Summer in Japan may be hot, humid, and sticky, but there is a sweet silver lining, with sweltering temperatures comes the excuse to eat plenty of ice cream. Here are 5 awesome ice cream shops to try in Tokyo!
Daily Chico, Nakano Broadway
A tiny ice cream shop nestled on the basement floor of Nakano Broadway, an otaku paradise brimming with anime goods and pop culture collectibles, has made a big name for itself with its colossal, 8-layer soft serve ice cream cone at a bargain price of 550 yen. The towering ice cream made up of swirls of strawberry, coffee, milk, chocolate, matcha, banana, grape, and ramune soda is deliciously soft and creamy.
I particularly liked the more noticeable flavours of coffee, chocolate, and banana. Just be a little weary of its precarious structure, despite being indoors the ice cream melts very fast and patrons eat their ice cream standing near the store. I must admit it wasn’t just the summer heat that had me sweating! Don’t get too carried away taking your perfect sweet snap, as you might have an ice cream avalanche on your hands.
Dobutsuen ‘The Zoo’, Harajuku
Previously a smaller outfit with a set up like a vending machine, ‘the smallest zoo in the world’, Dobutsuen, moved to a new location just 100m away. This store offers a new menu of their signature cute animal cones alongside baby bottle and light bulb sodas and ice cream tacos. The store is choc-full of kawaii, their own branded merchandise, and even comes with a dedicated candy pink photo background to make your ice cream snaps the instagram envy of your friends.
This ice cream zoo offers various animals and flavours in a single scoop cones for 500 yen – tiger (blueberry and cheesecake), elephant (vanilla, strawberry, and soda), pig (strawberry), chicken (vanilla), panda (cookies and cream), rabbit (strawberry sponge cake). Bigger more expensive cones were three pigs (random), and chicken family (vanilla and orange).
I tried the pig ice cream, which came to me as pretty as the picture. Since I thought that this ice cream was more for novelty than anything else I was pleasantly surprised by how rich, fresh and flavourful the strawberry ice cream was. I enjoyed the attention to detail in the form of the pig’s marshmallow ears and nose, something I saw in other cones such as the panda with its Oreo ears.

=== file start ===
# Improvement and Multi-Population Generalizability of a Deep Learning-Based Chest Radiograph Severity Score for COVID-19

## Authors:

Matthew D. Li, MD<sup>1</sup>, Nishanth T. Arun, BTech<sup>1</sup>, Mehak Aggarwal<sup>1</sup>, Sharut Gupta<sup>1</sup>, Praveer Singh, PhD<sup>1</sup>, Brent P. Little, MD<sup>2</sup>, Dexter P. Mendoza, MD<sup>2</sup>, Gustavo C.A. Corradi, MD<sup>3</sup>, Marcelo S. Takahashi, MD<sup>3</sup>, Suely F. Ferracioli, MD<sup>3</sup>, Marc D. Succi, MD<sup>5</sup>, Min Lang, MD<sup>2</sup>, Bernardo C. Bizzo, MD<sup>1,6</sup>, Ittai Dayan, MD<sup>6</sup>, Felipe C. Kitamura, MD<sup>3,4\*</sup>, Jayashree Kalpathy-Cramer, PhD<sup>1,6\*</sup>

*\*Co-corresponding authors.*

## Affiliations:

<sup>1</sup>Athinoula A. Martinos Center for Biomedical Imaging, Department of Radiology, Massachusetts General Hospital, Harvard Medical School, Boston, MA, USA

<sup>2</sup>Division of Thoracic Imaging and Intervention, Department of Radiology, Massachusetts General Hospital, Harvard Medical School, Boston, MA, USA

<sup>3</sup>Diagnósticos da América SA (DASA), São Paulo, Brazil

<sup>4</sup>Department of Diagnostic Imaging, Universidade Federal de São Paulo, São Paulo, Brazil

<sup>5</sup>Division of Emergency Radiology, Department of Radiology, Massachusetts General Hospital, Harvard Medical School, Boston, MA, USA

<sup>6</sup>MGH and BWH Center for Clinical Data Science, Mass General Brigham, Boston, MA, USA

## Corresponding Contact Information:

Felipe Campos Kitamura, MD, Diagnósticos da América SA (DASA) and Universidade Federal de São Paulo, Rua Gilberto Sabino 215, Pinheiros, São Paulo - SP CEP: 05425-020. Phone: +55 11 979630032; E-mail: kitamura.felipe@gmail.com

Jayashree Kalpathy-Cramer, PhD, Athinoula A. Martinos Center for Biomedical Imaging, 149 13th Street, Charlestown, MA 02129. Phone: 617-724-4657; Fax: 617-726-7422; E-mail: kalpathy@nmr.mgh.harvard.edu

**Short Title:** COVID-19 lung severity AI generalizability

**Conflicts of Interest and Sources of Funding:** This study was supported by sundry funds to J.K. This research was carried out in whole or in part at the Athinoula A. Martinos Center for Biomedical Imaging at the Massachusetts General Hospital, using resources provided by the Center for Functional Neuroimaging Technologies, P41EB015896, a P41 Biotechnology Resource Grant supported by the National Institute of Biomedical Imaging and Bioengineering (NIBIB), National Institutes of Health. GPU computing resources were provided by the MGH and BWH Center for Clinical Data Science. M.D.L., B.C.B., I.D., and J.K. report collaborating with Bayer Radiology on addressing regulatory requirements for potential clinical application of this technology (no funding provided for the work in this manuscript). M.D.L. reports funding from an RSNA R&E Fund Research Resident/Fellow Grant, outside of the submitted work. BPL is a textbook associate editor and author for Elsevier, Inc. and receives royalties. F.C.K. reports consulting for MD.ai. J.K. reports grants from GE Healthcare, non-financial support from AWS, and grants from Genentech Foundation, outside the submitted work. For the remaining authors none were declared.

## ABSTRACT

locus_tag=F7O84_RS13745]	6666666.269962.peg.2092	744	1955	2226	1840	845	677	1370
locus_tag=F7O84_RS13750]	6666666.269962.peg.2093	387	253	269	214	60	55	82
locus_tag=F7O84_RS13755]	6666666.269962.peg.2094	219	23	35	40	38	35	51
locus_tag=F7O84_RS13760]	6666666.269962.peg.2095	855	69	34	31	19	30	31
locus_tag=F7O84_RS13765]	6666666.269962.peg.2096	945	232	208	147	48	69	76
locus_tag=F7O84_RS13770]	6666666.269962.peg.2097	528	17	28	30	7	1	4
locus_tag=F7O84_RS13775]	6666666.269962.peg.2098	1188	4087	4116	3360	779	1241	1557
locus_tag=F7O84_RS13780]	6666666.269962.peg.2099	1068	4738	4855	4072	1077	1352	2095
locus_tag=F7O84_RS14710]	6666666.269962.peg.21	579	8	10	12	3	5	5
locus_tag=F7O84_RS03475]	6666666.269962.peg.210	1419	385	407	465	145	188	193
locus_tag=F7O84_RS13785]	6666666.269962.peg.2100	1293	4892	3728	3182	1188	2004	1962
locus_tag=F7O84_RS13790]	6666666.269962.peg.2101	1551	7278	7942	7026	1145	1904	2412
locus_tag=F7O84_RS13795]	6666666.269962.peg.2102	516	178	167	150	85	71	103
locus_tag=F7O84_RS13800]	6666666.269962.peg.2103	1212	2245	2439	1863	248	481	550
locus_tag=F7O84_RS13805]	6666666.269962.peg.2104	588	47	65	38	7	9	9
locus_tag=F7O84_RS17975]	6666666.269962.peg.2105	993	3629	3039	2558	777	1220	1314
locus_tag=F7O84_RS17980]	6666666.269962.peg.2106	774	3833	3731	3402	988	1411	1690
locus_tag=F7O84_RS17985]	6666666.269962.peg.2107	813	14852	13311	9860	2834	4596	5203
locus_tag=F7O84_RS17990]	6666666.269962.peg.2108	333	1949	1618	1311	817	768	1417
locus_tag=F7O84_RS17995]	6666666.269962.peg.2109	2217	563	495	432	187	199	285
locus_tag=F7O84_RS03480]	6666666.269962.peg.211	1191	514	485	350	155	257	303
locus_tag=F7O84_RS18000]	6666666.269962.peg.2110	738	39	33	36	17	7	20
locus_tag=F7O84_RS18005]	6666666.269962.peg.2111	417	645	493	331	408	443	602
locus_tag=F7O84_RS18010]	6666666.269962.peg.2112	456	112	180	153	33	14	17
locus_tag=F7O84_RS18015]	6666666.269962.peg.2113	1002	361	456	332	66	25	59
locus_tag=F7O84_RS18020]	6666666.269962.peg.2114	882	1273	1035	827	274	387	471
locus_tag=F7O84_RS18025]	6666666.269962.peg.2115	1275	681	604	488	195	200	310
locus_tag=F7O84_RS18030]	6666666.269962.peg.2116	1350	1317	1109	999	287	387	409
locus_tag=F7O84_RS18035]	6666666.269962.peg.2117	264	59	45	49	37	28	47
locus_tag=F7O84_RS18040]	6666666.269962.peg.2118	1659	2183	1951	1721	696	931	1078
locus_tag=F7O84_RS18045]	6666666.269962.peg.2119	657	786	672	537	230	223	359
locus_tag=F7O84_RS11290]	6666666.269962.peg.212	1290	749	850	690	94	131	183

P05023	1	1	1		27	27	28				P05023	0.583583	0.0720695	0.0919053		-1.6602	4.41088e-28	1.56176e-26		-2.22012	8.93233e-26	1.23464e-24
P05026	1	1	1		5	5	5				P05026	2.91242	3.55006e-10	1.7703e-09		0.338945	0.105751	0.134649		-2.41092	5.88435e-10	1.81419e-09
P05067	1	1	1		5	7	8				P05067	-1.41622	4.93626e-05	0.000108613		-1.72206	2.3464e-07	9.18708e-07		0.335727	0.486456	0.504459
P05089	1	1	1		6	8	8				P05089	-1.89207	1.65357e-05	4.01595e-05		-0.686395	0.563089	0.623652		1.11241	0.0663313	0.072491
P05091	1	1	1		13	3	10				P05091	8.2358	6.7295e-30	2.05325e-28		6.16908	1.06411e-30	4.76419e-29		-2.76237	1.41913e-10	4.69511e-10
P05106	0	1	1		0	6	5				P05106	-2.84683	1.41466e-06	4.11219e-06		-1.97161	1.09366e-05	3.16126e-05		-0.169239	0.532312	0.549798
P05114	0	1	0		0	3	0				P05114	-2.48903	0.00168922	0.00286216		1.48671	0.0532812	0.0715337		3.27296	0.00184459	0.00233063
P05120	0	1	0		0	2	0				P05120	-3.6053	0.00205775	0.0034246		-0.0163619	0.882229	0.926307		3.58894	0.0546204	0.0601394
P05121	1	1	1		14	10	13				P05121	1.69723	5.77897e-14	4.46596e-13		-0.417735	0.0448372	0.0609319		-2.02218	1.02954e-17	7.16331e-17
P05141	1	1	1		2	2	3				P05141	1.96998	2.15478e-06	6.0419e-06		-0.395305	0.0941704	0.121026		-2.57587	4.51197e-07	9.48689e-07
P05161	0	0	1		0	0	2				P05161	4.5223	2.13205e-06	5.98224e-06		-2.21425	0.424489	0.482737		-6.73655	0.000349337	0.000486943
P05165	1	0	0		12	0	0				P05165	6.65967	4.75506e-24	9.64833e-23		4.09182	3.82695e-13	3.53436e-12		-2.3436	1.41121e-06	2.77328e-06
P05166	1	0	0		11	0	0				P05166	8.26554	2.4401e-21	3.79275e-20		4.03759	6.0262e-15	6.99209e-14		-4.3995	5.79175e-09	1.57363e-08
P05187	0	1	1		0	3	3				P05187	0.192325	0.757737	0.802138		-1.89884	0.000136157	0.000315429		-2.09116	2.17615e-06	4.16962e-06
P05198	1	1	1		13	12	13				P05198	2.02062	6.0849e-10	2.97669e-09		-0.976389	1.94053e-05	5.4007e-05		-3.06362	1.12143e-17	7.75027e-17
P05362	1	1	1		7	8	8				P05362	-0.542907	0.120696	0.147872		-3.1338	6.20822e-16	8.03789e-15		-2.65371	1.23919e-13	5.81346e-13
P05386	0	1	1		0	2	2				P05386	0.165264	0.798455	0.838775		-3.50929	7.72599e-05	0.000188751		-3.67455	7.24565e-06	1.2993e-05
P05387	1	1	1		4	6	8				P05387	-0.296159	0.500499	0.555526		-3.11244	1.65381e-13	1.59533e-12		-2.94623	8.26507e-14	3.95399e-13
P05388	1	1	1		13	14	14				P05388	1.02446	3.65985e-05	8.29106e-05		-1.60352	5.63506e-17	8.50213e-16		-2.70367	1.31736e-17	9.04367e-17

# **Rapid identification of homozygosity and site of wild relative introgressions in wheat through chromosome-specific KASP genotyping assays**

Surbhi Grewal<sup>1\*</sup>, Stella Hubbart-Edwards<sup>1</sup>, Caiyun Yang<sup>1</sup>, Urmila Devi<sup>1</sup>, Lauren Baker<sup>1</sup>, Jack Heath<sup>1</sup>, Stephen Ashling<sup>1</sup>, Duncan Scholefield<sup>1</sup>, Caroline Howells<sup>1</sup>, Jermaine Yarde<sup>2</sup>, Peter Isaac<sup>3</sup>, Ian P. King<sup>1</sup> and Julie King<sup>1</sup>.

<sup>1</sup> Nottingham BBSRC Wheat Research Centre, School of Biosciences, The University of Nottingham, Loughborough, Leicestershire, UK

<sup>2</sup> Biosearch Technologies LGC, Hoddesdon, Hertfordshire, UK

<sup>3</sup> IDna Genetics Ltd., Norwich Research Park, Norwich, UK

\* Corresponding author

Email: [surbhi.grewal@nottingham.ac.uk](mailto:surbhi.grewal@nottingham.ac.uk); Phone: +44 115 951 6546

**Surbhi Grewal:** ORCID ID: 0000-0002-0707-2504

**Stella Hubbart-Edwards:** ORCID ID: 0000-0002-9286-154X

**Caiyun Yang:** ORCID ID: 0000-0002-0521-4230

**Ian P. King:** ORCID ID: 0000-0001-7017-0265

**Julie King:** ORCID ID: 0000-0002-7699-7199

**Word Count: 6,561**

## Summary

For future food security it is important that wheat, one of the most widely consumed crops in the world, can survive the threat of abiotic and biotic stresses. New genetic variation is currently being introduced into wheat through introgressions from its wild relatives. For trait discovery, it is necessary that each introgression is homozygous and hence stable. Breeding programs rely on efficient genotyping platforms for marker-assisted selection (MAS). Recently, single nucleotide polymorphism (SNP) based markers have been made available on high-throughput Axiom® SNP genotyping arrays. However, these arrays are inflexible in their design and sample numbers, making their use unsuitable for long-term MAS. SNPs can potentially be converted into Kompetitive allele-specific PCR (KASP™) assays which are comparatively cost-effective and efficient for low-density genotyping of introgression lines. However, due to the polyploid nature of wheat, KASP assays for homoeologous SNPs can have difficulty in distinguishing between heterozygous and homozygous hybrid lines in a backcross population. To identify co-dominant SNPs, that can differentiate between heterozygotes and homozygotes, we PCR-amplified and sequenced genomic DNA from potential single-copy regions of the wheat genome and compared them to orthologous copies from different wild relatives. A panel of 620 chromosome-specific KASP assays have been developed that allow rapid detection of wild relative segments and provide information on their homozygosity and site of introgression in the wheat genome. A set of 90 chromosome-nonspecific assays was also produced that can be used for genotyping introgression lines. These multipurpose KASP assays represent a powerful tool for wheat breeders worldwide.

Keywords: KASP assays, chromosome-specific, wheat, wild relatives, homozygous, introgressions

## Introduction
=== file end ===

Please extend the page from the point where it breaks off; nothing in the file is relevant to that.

Situated just a stones throw away from Sensoji Temple in traditional area of Asakusa, Suzukien offers what is said to be the richest matcha ice cream in Tokyo. I arrived at the shop at 11am on a Monday and it was already crowded with people, a testament to the shop’s fantastic reputation. The shops sells matcha (green tea) ice cream in varying levels of intensity listed from the least strong No. 1 to the most intense No. 7. They also other flavours including adzuki bean (red bean), strawberry, hochija (roasted green tea), brown rice tea, Japanese black tea, black sesame, and mango sorbet.
I ordered a double cone with hochija and matcha no. 7 so I could compare different flavours of ice cream. The matcha ice cream was a vibrant shade of dark green. I have tried strong matcha ice creams before, but they have often have had an overwhelming bitter taste, here the matcha was perfectly balanced with a slight bitterness paired with sweetness. The hochija also provided a nice contrast, with its sweet, roasted, nutty taste.
Melting In The Mouth, Hiroo
The trendy neighbourhood of Hiroo has a kind of hipster vibe to it filled with juice bars, chilled-out cafes, ethnic restaurants, and burger joints. Here sits a cute little store with fun phrases adorning the walls, selling hot dogs, milkshakes, donuts, and their signature vanilla ice cream cone. This teeny cone filled with a perfect swirl of cloud like ice cream was an enjoyable treat. Despite it’s small size it was delightful due to its creamy, organic milky richness. A lot of studies have gone into making this little cone, with the makers insisting that people prefer this size of ice cream (125g) and shape. If you’re feeling particularly peckish their hot dogs aren’t bad either!
Croquant Chou Zaku Zaku, Harajuku
Takeshita Street in Harajuku is full of all kinds of foodie delights, giant UFO candy floss, cream-filled sweet crepes, and among them sits the Croquant Chou Zaku Zaku pastry shop. As well as selling to die for crispy, pastry puffs filled with delicious fresh custard cream, they also sell delicious soft serve ice cream, in a crunchy wafer cone, made from milk from premier dairy producing region Hokkaido. The ice cream is really light and sweet, and the quality of the dairy used really comes through.
Tokyo has so many great ice cream places that it’s hard to pick just a handful. It’s not hard to find an excuse to eat ice cream in the sweltering heat of the Japanese summer, but remember ice cream can be enjoyed all year round. Don’t forget to check out your local convenience store for delicious and affordable sweet treats too!